Does a teenager need a Roth IRA?
Dear Liz: Our 16-year-old daughter has been frugal since she started understanding money at about age 6. She works and makes a decent income for a high school student. Her savings are now quite substantial. She wants to open a Roth IRA while she is young and has no income tax liability. My wife and I have pensions and substantial savings but only one IRA. So we have no idea how to help her open a Roth. What should she do? She has enough money to maximize her contributions every year through high school and college and wants to take full advantage of 50 years of tax-free growth.
Answer: Contributing to a Roth IRA is an excellent way for young people to build wealth, and the earlier they can start, the better.
Traditional IRAs typically offer a tax deduction for contributions but withdrawals are taxable. Roth IRAs, by contrast, don’t offer an upfront tax deduction but withdrawals are tax free in retirement. Opting for a Roth over a traditional IRA makes sense when you expect your tax rate to be the same or higher in retirement.
A $6,000 contribution at age 26 can grow to about $105,000 by retirement age, assuming 7% average annual returns. (That’s a reasonable average for a multi-decade investment in a diversified stock portfolio.)
Make the same contribution at age 16, and the money could grow to over $210,000 by age 67. The extra 10 years of compounded gains effectively doubles the total.
To contribute to an IRA or Roth IRA, people must have earned income such as wages, salary or self-employment income.
They’re allowed to contribute 100% of their earnings during the tax year or $6,000, whichever is less. (People 50 and older can make an additional $1,000 catch-up contribution.) If your daughter earned $4,000 this year, for example, that’s the maximum she could contribute to a Roth for 2021.
Your daughter typically can’t open her own account until she’s 18, so you would need to find a brokerage that offers custodial Roth IRAs. She would be the account owner and you would be the custodian until she turns 18. Fidelity, Schwab and Vanguard are among the discount brokerages that offer custodial Roth IRAs without requiring minimum investments or charging maintenance fees.
Some of us are hoping that a year of remote work will lead to greater job flexibility. Others can’t wait to get out of the house.
Mailing checks really is a bad idea
Dear Liz: I differ with your opinion that electronic payments are far more secure than sending checks through the mail. My own personal experience sending checks for about 40 years with only one mishap (which wasn’t attributable to the USPS) provides great confidence in mail as a payment system. In contrast, not a month goes by without news of some large organization entrusted with all kinds of personal and financial information being breached in a cyberattack. If the bad guys get my credit card information, I’m out no greater than $50. I’m not also going to risk them having my bank account and routing numbers for the dubious convenience of saving a stamp. Yes, mailboxes get broken into, but until there are real penalties for inadequate computer security, corporations will continue to underfund their network security and be reactive instead of proactive. I’ll take my chances with the local thieves and not the worldwide population of black hat hackers.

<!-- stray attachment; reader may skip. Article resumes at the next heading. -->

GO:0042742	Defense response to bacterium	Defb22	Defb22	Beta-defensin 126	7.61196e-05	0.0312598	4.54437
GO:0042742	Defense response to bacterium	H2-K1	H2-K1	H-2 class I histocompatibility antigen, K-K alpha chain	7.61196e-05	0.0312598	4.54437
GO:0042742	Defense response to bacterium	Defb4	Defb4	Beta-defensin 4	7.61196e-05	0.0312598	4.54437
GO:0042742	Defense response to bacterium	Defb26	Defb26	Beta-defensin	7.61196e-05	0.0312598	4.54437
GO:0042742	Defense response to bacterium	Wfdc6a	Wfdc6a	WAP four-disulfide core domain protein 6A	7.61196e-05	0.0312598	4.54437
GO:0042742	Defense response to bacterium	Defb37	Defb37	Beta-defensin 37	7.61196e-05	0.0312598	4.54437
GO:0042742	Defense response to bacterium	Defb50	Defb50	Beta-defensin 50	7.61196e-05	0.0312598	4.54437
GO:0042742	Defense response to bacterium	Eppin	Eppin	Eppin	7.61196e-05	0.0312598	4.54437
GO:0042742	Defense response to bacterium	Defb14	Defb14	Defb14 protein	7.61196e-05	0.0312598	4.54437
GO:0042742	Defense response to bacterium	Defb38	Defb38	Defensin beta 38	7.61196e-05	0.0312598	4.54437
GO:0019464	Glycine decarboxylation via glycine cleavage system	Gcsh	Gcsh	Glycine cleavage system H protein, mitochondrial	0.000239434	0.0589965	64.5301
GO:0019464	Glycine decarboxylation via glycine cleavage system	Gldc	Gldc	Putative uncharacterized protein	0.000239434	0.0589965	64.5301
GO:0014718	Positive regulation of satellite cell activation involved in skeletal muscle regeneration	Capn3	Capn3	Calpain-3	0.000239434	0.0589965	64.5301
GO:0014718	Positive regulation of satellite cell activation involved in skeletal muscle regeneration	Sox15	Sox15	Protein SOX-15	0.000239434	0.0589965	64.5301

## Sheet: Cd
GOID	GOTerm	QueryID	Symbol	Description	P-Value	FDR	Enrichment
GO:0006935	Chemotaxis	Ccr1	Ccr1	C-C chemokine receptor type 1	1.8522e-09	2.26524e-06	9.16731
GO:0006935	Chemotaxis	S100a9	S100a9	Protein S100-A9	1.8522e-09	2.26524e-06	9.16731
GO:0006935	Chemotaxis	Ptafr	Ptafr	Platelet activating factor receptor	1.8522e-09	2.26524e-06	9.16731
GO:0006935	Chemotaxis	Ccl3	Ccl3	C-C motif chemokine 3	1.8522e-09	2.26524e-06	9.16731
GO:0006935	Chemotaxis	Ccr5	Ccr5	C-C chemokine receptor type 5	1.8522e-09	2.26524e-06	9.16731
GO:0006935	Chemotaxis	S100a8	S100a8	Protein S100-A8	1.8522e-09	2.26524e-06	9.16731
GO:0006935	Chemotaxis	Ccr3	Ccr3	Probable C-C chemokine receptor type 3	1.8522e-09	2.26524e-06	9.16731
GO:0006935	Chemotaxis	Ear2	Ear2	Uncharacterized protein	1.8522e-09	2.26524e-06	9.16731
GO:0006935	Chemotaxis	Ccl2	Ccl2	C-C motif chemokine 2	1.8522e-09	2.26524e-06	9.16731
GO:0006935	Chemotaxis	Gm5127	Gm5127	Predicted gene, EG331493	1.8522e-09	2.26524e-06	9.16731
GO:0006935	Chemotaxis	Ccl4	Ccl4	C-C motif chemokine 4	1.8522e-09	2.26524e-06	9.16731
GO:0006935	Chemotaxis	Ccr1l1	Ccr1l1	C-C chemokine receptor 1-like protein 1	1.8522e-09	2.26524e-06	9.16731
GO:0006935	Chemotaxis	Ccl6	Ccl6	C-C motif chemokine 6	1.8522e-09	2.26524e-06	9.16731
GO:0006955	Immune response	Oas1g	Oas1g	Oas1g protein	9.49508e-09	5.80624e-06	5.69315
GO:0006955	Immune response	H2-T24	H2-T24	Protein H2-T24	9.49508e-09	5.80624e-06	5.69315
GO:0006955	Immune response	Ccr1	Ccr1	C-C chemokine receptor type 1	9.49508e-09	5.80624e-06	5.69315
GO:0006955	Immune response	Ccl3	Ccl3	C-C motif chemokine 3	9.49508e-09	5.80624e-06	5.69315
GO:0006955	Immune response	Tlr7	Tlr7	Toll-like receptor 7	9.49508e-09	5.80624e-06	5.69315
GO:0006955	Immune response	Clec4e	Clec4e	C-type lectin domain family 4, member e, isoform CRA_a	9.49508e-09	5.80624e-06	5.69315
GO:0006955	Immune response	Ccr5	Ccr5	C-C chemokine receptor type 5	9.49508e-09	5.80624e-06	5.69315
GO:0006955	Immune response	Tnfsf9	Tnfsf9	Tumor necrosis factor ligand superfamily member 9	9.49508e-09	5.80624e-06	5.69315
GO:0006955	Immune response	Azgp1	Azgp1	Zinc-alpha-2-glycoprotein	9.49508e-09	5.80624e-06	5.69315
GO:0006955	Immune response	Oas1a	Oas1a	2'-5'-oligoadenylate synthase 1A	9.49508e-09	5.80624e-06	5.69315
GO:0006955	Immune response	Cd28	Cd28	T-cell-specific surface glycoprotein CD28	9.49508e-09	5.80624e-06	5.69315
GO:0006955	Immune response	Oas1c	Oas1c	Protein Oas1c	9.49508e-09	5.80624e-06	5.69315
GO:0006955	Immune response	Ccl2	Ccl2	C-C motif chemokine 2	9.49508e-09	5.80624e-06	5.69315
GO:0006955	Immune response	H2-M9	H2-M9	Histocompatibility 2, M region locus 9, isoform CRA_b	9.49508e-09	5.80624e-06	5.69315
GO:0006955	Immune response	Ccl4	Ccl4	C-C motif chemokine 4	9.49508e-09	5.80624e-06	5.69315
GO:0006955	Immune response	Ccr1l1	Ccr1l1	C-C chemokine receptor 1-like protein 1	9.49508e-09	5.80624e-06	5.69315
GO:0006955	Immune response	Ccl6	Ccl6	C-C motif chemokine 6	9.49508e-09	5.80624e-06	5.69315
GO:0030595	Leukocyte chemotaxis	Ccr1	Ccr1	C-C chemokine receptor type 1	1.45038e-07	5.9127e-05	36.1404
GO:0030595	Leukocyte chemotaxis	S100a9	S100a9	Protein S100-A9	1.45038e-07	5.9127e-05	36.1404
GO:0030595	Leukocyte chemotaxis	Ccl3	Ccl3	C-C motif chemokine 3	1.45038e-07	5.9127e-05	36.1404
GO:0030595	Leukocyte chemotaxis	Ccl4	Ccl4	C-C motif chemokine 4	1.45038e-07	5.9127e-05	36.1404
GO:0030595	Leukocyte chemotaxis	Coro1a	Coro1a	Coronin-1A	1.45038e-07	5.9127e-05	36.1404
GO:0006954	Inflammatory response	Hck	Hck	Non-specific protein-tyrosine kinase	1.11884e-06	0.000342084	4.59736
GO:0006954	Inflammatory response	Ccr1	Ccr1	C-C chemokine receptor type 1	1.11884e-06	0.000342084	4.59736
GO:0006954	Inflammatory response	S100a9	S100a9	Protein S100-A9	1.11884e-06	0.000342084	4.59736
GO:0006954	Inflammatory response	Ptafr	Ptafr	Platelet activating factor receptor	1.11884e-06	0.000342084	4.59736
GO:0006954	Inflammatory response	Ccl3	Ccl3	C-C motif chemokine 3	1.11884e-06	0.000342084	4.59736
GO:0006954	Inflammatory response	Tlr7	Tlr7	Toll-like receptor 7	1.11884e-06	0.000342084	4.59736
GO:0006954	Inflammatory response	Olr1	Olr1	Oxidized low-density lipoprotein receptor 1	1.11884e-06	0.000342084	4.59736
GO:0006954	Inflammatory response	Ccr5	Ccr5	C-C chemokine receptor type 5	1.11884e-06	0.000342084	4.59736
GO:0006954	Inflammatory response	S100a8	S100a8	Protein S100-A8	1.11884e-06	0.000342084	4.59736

Answer: You’re quite right that databases where information is stored can be vulnerable to hackers if companies don’t take the proper precautions. But avoiding electronic payments doesn’t keep your information out of those databases. Information about you is collected and stored whether you like it or not. You didn’t contribute your Social Security number, date of birth and credit account details to Equifax, for example, but chances are good you were one of the 147 million Americans whose information was exposed when that credit bureau was breached.
In contrast to some databases, electronic payment transactions have strong encryption that makes it extremely difficult for hackers to intercept and read the information. Criminals would much rather target information that’s at rest in databases than try to capture and decode it in transit.
Your checks are almost certainly being converted to electronic transactions, in any case. Few checks are physically passed between banks these days. Often a biller will take the routing and account numbers that are printed on your check and use them to request an electronic funds transfer through a clearinghouse such as the Automated Clearing House (ACH).
Because those numbers are printed on every check you send out, by the way, anyone who sees that piece of paper, from a mail thief to someone inputting the payment into a company’s computer system, could misuse that information. That’s a far bigger risk than the possibility an electronic payment could be hacked in transit.
Liz Weston, Certified Financial Planner, is a personal finance columnist for NerdWallet. Questions may be sent to her at 3940 Laurel Canyon, No. 238, Studio City, CA 91604, or by using the “Contact” form at asklizweston.com.